In the article the authors describe a new field of study converging AI, basic research, and medicine referred to as Longevity Medicine. Another definition for Longevity Medicine is the preventative and restorative medicine enabled by the deep aging clocks and artificial intelligence. The article was authored by Alex Zhavoronkov, the founder and chief longevity officer of Deep Longevity, a computer scientist with a PhD in biophysics, Evelyne Yehudit Bischof, a practicing medical doctor trained in the top European and the US medical schools actively engaged in aging research and gerooncology at the University Hospital Basel in Switzerland, and at Shanghai University of Medicine and Health Sciences, and one of the most prolific scientists and entrepreneurs in artificial intelligence, Kai-Fu Lee. The traditional approach to medicine is to treat diseases. However, scientists estimate (Cutler and Mattson, 2006) that complete elimination of cancer would result in only 2.3 year increase in life expectancy in the US at birth and 1.3 year gain at age 65.
The internet today is nothing like the World Wide Web that Sir Tim Berners-Lee envisioned back when he invented it in 1989. While it continues to be a place where people can interact in a free exchange of ideas, individuals and groups have lost their sense of empowerment to a handful of giant monopolies and countries that are bent on collecting their personal data. "Once a platform becomes dominant, it is able to collect more data," said Pieter Verdegem, senior lecturer at the University of Westminster School of Media and Communication. "That is what we are seeing around the world, and it explains why we have the so-called GAFAM – Google, Apple, Facebook, Amazon and Microsoft – in the U.S. and the so-called BAT – Baidu, Alibaba and Tencent – in China." "The next wave is about artificial intelligence," Verdegem said. "Companies and governments will use all that data to train algorithms to come up with better deep learning models.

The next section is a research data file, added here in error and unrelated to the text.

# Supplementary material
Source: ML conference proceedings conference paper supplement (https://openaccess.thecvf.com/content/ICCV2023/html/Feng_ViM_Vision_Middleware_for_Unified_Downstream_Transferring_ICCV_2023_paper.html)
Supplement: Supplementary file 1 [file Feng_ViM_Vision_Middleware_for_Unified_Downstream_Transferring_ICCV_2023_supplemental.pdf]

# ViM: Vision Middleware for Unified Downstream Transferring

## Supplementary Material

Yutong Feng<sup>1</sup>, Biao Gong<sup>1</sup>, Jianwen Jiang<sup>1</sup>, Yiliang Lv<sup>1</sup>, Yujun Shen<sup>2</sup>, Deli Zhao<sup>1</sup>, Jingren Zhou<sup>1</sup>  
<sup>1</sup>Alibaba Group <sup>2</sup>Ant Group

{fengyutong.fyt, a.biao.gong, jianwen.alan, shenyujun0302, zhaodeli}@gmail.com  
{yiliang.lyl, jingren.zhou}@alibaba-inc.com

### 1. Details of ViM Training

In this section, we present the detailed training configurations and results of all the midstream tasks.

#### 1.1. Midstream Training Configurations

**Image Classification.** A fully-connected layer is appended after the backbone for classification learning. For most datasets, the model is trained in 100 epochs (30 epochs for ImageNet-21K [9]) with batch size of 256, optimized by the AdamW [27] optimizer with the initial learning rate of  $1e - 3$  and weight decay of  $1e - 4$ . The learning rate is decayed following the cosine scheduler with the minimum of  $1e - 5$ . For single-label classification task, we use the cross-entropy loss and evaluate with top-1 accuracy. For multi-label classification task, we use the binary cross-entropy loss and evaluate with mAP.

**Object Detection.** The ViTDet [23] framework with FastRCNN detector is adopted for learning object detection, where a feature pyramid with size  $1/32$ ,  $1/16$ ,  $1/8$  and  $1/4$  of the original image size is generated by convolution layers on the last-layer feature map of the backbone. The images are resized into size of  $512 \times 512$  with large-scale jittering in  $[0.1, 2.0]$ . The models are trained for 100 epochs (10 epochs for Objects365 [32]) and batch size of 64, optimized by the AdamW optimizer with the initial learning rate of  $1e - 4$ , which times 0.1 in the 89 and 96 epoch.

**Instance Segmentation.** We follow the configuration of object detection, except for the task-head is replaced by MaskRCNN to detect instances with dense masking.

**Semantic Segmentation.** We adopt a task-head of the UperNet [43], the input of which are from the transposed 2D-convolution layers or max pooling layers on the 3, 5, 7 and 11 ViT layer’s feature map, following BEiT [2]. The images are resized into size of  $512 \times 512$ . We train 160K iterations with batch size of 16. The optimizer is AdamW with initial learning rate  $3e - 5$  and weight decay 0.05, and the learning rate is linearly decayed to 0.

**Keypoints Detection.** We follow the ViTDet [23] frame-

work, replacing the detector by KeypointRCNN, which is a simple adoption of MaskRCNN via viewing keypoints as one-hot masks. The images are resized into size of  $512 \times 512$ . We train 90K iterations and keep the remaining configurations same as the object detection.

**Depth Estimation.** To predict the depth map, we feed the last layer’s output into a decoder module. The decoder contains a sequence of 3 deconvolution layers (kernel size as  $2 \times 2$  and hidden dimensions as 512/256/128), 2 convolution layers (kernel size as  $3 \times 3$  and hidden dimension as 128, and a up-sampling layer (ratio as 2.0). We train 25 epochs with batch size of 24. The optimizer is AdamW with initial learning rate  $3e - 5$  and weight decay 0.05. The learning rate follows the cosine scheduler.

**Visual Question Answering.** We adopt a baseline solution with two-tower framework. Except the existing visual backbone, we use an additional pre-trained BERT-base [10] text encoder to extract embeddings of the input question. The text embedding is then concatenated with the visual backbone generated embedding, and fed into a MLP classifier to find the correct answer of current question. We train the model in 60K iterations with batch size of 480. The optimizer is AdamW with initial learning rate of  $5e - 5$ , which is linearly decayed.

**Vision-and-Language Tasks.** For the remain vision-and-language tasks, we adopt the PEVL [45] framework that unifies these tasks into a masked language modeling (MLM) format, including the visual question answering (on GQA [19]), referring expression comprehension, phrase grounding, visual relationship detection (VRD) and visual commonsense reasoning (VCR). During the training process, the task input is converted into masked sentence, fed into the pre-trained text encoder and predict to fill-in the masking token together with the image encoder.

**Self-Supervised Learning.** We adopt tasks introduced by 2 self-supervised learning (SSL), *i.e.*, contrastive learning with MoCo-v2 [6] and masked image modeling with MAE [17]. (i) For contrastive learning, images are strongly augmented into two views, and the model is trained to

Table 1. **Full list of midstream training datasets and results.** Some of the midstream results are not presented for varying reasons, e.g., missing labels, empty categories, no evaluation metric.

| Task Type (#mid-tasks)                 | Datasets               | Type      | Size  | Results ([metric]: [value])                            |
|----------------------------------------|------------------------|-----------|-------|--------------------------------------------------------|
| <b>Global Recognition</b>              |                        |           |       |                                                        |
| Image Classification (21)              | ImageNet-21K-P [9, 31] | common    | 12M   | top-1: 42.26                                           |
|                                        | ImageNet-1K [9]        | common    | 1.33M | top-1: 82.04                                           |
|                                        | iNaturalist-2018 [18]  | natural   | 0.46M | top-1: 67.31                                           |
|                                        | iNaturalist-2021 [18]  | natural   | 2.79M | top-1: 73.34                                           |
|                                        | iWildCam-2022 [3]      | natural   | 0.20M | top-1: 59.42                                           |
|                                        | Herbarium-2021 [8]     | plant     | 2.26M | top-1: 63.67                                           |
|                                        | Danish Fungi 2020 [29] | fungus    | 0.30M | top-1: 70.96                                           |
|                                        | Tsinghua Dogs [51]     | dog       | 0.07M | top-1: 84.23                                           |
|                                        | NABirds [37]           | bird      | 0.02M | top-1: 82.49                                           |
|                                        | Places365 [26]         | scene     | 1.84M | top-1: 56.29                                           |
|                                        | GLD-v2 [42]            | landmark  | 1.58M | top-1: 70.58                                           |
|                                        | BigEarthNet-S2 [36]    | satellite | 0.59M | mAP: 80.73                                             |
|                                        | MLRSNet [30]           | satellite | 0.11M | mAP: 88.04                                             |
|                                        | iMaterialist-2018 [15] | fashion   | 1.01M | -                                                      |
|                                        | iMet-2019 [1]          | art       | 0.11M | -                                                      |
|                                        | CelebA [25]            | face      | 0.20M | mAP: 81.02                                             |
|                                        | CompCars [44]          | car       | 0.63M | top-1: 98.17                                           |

HeartFlow has announced that the National Health Service England (NHSE) and NHS Improvement have mandated that English hospitals adopt the AI-powered HeartFlow FFRct Analysis to fight coronary heart disease (CHD). The HeartFlow Analysis has been selected as one of the innovations supported by NHSE's new MedTech Funding Mandate. The Mandate, which will begin 1st April 2021, aims to provide innovative medical devices and digital products to NHSE patients faster, and is a key policy in helping to improve patient care and reduce costs for the public health service. The Mandate includes the option to extend funding for up to an additional three years through 31 March 2024. HeartFlow has also received extended funding through NHSE's Innovation and Technology Payment Programme (ITP) for a third year.